While being in a high-anxiety or high-stress situation often feels like the last moment that you would want to exercise, getting moving has been shown to have a positive effect on the quitting process. In fact, exercise releases a brain chemical known as "endorphins." Endorphins are "feel-good" chemicals; they have a direct ability to reduce pain and focus you. Exercising can also give you somewhere to discharge your nervous energy. You don't need to strap on sneakers and run ten miles; in fact, you shouldn't if you are new to regular exercise. Even taking a 20-minute walk around the block can help to calm you down. Of course, you should always check with your physician before beginning an exercise regimen.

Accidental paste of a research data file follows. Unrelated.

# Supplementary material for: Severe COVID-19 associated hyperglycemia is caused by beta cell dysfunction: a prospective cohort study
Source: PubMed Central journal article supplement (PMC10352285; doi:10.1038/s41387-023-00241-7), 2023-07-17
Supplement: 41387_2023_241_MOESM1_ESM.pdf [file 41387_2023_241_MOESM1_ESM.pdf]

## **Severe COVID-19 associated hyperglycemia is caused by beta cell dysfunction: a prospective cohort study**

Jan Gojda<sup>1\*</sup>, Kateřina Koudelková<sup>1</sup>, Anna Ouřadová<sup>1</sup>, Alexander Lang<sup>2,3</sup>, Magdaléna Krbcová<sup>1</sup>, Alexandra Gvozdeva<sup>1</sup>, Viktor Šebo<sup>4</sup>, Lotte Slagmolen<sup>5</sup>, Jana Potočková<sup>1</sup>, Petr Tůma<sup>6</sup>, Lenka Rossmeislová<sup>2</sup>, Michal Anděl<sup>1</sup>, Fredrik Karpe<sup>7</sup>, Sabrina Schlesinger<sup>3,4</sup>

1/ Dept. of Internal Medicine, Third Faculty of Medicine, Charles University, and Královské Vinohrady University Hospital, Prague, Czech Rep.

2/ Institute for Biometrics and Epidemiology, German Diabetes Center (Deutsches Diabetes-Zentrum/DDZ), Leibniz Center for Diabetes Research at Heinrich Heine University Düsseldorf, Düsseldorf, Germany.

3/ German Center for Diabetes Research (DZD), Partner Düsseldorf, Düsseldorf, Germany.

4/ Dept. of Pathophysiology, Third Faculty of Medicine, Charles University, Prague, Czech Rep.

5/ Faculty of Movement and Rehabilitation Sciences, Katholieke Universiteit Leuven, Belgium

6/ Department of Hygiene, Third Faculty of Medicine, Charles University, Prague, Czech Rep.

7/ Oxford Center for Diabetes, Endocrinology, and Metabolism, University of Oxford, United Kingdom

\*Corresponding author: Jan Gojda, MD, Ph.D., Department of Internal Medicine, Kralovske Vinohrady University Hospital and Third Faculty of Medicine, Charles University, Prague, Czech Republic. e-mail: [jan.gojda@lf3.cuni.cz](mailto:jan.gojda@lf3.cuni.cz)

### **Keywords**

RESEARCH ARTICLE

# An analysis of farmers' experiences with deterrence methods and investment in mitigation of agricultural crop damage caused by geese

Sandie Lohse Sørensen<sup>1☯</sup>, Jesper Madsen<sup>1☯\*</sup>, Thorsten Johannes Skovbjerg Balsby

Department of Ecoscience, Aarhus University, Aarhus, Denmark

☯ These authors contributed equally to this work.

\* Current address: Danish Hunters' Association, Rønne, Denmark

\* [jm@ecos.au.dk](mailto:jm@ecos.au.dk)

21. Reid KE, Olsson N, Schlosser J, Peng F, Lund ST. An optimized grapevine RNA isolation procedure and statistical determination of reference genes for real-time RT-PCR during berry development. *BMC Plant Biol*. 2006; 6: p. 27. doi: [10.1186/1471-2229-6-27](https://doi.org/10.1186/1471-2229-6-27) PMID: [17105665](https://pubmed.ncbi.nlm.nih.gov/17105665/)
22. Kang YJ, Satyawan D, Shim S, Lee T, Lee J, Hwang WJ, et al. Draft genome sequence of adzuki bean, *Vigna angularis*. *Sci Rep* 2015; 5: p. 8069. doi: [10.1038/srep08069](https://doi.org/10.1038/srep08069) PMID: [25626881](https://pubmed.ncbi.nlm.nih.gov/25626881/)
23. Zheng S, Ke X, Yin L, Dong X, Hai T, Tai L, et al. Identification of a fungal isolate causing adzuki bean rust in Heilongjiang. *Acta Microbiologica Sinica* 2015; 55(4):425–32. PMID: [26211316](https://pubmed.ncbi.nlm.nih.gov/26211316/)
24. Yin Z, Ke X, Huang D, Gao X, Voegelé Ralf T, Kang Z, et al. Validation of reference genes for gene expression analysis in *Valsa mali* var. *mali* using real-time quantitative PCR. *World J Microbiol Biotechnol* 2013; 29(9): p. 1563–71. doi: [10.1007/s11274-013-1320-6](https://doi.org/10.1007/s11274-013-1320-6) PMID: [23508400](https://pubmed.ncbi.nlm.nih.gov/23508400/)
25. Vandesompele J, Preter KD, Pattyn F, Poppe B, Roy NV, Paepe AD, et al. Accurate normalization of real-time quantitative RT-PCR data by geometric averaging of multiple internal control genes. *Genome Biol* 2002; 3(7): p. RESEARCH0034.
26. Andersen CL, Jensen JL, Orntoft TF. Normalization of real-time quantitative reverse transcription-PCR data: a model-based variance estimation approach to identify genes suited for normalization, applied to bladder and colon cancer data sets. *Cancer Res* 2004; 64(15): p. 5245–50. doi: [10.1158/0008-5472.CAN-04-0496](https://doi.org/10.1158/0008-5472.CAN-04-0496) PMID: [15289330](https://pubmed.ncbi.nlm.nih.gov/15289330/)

Practice Mindfulness and Calmness
While exercise can be a great way to immediately discharge nervous energy, mindfulness meditation and other calming techniques can be a great way to create a more permanent, positive change in how you think. There are a myriad of ways that ex-smokers can cultivate mindfulness; breathing exercises can have a significant effect on some individuals. Others may find benefit even further from mindfulness meditation, which can help ex-smokers to focus on the moment, rather than the future or past. It's much easier to quit when you only have to refrain from smoking for "just this moment," rather than thinking about how you may never smoke again. Taking things "one day at a time" has been shown to be much more effective.
Keep a Journal